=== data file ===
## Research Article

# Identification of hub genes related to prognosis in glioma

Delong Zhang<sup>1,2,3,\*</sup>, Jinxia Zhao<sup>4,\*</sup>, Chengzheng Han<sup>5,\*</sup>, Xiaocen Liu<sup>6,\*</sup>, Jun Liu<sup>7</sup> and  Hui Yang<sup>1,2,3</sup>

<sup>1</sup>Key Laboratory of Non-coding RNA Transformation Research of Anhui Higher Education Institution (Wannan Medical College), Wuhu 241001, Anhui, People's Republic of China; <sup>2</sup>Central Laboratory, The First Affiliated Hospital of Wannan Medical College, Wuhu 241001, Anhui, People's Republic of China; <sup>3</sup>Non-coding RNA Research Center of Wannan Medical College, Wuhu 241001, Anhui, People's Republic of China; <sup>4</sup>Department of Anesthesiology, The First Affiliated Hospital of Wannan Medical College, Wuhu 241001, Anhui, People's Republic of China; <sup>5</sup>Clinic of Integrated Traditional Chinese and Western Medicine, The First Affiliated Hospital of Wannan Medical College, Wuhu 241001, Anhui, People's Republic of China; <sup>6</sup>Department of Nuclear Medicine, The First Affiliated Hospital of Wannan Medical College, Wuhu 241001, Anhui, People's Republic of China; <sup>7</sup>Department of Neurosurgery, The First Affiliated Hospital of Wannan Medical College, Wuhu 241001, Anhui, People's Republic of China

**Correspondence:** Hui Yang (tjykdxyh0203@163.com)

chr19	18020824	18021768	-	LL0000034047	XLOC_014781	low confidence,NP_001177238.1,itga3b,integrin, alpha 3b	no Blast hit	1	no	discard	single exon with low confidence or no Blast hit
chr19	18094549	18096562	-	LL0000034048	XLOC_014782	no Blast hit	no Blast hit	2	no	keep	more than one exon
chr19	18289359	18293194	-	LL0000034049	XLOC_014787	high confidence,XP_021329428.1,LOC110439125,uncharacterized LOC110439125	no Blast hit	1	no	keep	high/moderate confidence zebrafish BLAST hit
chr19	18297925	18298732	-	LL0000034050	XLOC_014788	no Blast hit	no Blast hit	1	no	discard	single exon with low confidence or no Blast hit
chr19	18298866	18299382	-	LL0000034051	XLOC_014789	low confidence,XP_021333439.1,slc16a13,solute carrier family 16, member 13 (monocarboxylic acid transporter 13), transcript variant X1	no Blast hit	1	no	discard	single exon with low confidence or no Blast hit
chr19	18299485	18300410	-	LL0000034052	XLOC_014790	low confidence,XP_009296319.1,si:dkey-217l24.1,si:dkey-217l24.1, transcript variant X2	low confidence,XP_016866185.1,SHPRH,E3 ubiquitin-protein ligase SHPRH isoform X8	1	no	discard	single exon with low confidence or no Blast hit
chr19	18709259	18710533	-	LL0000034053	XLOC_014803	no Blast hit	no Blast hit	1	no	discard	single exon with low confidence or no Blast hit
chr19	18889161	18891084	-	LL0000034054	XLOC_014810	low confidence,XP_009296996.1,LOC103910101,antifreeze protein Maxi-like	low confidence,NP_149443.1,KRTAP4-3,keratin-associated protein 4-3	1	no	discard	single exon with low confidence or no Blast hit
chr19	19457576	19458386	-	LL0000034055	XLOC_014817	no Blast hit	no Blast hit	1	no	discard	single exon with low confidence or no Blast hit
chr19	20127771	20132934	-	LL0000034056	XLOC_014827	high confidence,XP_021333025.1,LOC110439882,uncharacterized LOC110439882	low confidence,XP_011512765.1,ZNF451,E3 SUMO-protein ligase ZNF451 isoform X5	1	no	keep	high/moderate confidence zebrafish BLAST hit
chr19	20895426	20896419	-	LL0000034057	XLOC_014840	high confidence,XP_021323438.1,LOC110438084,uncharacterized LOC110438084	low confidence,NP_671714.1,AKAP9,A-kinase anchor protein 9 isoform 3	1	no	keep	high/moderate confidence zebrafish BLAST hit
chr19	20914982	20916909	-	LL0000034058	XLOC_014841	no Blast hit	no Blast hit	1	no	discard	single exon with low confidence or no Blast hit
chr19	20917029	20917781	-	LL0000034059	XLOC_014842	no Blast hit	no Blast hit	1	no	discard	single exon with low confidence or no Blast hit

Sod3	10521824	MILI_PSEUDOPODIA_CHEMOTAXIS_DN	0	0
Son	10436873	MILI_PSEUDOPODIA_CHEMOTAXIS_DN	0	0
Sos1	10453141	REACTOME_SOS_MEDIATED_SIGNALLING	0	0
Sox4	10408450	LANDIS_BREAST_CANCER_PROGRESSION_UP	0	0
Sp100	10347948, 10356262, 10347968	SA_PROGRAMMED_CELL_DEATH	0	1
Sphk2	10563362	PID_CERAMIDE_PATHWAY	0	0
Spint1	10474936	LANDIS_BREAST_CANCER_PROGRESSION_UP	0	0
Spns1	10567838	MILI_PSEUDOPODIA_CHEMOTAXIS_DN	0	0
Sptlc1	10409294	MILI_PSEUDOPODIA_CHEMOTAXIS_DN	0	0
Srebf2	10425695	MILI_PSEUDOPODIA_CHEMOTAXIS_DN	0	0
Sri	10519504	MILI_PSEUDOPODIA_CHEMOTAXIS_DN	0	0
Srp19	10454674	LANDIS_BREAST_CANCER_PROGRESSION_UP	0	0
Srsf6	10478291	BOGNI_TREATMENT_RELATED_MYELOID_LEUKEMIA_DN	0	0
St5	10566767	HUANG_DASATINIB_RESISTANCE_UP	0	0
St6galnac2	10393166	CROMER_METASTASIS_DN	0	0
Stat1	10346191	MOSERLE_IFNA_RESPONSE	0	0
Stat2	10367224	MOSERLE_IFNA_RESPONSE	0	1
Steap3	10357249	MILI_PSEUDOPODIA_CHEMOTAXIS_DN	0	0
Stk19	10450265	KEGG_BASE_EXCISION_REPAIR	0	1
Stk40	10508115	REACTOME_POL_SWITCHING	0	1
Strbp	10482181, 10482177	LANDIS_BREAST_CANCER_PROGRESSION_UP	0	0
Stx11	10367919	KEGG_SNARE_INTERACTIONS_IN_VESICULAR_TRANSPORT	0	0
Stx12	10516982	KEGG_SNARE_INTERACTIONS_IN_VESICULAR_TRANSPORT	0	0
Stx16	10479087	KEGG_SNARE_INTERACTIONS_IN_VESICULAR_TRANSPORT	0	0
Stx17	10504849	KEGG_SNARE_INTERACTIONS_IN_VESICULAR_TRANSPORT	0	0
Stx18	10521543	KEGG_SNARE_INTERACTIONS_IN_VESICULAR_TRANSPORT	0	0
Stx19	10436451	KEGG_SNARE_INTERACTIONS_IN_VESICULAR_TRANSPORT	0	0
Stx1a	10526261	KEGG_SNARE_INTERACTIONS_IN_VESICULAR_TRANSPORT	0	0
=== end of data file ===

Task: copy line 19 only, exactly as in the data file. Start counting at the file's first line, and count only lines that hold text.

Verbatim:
Sod3	10521824	MILI_PSEUDOPODIA_CHEMOTAXIS_DN	0	0